“Some players simply do not have enough room to deliver the golf club on a good plane from inside to inside.”

    What “work around” do you suggest for this?

    Thanks, and keep writing!

  8. Jim Horgan

    Jun 21, 2018 at 6:17 pm

    I’ve noticed in my many years of teaching the swing that fat men hit fat while thin men hit thin. It’s a pattern that cannot be denied. There is no good solution.

  9. CrashTestDummy

    Jun 21, 2018 at 5:29 pm

    Spine tilt. Many times shoulders are tilted too much away from target and/or hips are swaying laterally toward the target causing too much spine tilt at impact which can bottom the club arc behind the ball. Leveling shoulders more and/or limiting swaying hips will help with better spine tilt moving the bottom of the arc in the correct position while steepening the arc and AOA coming into the ball.

  10. juststeve

    Jun 21, 2018 at 4:46 pm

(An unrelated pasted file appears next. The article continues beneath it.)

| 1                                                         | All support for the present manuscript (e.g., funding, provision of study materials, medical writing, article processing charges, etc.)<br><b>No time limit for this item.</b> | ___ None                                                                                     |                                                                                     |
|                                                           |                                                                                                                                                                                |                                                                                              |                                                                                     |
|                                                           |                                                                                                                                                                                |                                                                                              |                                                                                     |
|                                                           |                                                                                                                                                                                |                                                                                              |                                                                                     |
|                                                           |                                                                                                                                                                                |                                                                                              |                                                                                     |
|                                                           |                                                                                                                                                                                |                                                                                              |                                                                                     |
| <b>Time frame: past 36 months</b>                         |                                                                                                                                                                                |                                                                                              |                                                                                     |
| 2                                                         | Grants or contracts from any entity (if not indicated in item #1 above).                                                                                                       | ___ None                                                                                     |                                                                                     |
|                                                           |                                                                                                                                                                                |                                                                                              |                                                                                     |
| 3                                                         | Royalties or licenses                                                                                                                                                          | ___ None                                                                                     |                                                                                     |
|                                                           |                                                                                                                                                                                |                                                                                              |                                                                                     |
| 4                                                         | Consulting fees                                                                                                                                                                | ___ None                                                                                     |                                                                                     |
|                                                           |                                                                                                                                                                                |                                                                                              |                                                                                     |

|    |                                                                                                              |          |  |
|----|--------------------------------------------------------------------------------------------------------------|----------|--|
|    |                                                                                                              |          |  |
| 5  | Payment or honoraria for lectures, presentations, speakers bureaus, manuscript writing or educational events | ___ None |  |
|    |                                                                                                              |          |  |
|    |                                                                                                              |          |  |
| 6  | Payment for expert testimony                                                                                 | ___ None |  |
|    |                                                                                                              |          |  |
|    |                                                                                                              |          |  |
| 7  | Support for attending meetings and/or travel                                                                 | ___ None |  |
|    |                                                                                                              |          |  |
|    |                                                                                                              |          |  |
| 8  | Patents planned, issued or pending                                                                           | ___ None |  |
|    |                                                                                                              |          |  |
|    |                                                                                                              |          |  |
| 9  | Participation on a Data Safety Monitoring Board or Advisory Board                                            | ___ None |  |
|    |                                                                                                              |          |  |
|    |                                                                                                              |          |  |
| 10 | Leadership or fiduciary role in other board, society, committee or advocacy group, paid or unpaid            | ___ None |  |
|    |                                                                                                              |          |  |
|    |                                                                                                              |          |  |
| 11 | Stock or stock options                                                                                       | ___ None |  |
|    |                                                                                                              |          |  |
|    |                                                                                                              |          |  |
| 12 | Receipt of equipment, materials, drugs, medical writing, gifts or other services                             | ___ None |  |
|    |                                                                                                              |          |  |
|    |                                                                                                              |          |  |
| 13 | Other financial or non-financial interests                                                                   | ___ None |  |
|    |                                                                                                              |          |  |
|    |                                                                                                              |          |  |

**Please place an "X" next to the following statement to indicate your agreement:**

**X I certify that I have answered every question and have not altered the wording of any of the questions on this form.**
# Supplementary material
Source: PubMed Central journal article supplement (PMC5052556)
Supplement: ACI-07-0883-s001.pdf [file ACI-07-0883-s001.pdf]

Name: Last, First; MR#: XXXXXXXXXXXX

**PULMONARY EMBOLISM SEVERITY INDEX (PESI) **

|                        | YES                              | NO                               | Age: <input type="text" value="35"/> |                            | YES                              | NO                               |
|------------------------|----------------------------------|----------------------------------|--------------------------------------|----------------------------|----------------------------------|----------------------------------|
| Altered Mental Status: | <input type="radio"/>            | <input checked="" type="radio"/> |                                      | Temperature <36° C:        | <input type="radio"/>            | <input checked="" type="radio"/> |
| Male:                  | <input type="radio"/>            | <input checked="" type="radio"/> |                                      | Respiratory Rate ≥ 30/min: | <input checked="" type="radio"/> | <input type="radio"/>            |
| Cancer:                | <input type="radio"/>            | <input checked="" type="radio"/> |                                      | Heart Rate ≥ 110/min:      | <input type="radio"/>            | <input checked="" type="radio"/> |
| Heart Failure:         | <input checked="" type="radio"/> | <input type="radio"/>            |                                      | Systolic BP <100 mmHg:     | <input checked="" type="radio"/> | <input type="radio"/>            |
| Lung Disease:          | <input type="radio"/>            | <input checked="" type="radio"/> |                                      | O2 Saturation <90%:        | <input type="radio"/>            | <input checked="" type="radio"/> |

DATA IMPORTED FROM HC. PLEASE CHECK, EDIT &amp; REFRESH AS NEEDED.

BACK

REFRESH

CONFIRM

It was’t Ernest Jones but Percy Boomer who recommended turning in a barrel. Otherwise nothing to disagree with.

    • Dennis clark

      Jun 22, 2018 at 8:37 am

      Correct my mistake. Earnest was a proponent of swinging the club head, another major text in golf instruction genre.

  11. Jonathan

    Jun 21, 2018 at 4:06 pm

    About me: right handed, playing 28 yrs, miss is a hook left

    I literally went through each of these points on my own during the past 2 weeks. I suddenly developed a bad case of fat shots out of nowhere. My focus areas were (1) lean a little more over the ball from my hips (2) feel like I am swinging around my torso (3) try to keep lag in my down swing and (4) open my stance slightly to the left. These techniques drastically and quickly solved my problems over two 1-hour range sessions. I recommend.